8 years on, reflecting on my MSc dissertation: what we mean by instructional design

As part of my job hunt (new role starts soon!) I have been going back through various old notes, resources, etc. This is, in part, as the role will see me making use of knowledge and skills that I have not used for a couple of years or more so I have been giving myself a bit of a refresher.

One thing I came across was my MSc dissertation’s initial literature review, methodology and themed findings. In hindsight an interesting bit of this was the attempt to define instructional design as a baseline to what my dissertation was focusing on (copied below). The emphasis (that I have added to the original text in the final paragraph) is to show an interesting conclusion I made – a few years before the mainstream conversational shift to LXP platforms and the multiplication of “learning experience designers”.

Towards a definition of instructional design

ID is a term that can be seen as having various meanings, having been associated with “process…discipline…science…[as well as practical] reality” and sometimes synonymous with “instructional system[s]…technology…[and/or] development” (Berger and Kam, 1996). This complexity has contributed towards there arguably having been a “poor research basis…[for] a lot of instructional design practice” (Elen and Clarebout, 2001, p.4). Indeed the ADDIE model, often seen as the “typical” ID process (Anagnostopoulo, 2002), has been criticised for its lack of evidence-base, especially when used outside of higher education (Ruark, 2008). ADDIE’s pervasiveness extends beyond practice to use as the template for ID literature, including in the chapters of Armstrong ed. (2004). Thus, ADDIE can be seen as the “conventional core” from which other models are built (Tan, 2010). However, whilst ADDIE is often central to ID practice it should not be seen as synonymous with ID as a discipline, instead simply as one of the systematic tools and processes in the designers’ toolbox.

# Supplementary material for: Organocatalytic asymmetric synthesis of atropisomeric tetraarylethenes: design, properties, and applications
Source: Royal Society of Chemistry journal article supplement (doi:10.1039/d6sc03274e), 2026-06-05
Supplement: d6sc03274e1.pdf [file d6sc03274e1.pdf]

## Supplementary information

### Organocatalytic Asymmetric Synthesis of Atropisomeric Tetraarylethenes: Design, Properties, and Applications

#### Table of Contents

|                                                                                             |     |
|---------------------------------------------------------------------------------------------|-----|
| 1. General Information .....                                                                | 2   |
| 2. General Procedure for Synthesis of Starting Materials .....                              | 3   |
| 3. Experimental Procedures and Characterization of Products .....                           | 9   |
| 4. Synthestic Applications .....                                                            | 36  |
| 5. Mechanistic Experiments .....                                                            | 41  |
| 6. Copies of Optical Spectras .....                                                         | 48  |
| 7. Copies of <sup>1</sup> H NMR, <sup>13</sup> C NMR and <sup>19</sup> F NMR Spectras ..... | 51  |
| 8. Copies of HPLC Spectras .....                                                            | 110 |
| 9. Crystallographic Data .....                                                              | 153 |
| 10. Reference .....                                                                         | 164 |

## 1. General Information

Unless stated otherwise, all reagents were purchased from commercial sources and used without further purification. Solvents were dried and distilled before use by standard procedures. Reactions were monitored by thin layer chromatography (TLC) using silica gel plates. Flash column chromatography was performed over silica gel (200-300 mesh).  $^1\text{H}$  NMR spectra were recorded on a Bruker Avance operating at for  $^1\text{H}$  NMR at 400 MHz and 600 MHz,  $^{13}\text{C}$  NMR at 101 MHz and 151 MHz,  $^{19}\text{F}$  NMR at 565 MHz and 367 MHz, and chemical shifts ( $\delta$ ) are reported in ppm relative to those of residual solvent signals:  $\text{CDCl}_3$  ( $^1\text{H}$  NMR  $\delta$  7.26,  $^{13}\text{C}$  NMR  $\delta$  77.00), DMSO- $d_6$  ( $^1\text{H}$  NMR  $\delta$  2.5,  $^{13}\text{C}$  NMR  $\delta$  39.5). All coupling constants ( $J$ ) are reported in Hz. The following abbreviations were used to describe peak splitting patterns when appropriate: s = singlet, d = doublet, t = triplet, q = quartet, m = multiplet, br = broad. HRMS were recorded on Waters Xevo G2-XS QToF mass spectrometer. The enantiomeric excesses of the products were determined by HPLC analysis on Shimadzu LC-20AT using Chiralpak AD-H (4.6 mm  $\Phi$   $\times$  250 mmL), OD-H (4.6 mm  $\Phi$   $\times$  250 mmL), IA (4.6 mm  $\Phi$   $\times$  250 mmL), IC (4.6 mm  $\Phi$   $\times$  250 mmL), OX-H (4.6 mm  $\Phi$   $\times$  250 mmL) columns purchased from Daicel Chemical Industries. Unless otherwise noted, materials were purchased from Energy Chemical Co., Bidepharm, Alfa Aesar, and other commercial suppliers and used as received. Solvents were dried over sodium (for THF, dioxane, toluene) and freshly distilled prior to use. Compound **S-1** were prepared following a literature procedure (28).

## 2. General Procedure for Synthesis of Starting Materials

The works of Charles M. Reigeluth remain key texts for instructional designers, such as Cammy Bean, in defining what their profession relates to, including the demarcation of curriculum design and ID (Bean, 2010). Reigeluth’s definitions, of ‘curriculum’ as “what to teach” as opposed to ‘instruction’ that is “concerned primarily with how to teach”, are important in establishing what the discipline of ID focuses upon (Reigeluth, 1983, p.6). This focus on teaching has been seen as one reason why ‘ID’, is a term that, has not appealed universally outside of the United States where it “was conceived during the period when the behaviorist paradigm was dominant in American psychology” (Molenda, 1994, p.3) and is closely associated with the “objectivist tradition” (Duffy and Jonassen, 1992, p.2). More recent shifts from behaviourist models in education to constructivist models can be seen as having encouraged the use of ‘learning design’, and other terminology, although some ID theorists would see constructivism as simply part of the “wide variety of instructional-design theories” that influence instructional designers in their work (Molenda, Reigeluth, and Nelson, 2001, p.5). Indeed Reigeluth identified many of the criticisms of traditional ID definitions and advocated changes in educational practice, which have since become mainstream. The changes called for included a need for a “‘learning-focused’ paradigm” in which “instruction must be defined more broadly as anything that is done to facilitate purposeful learning” (Reigeluth, 1999, pp.19-20). Thus we can take instructional design as being the discipline of developing valid learning experiences following systematic theories and models in the way that has been “accepted in business and industry” and is increasingly acknowledged in education (Gustafson and Branch, 2002, p.23).

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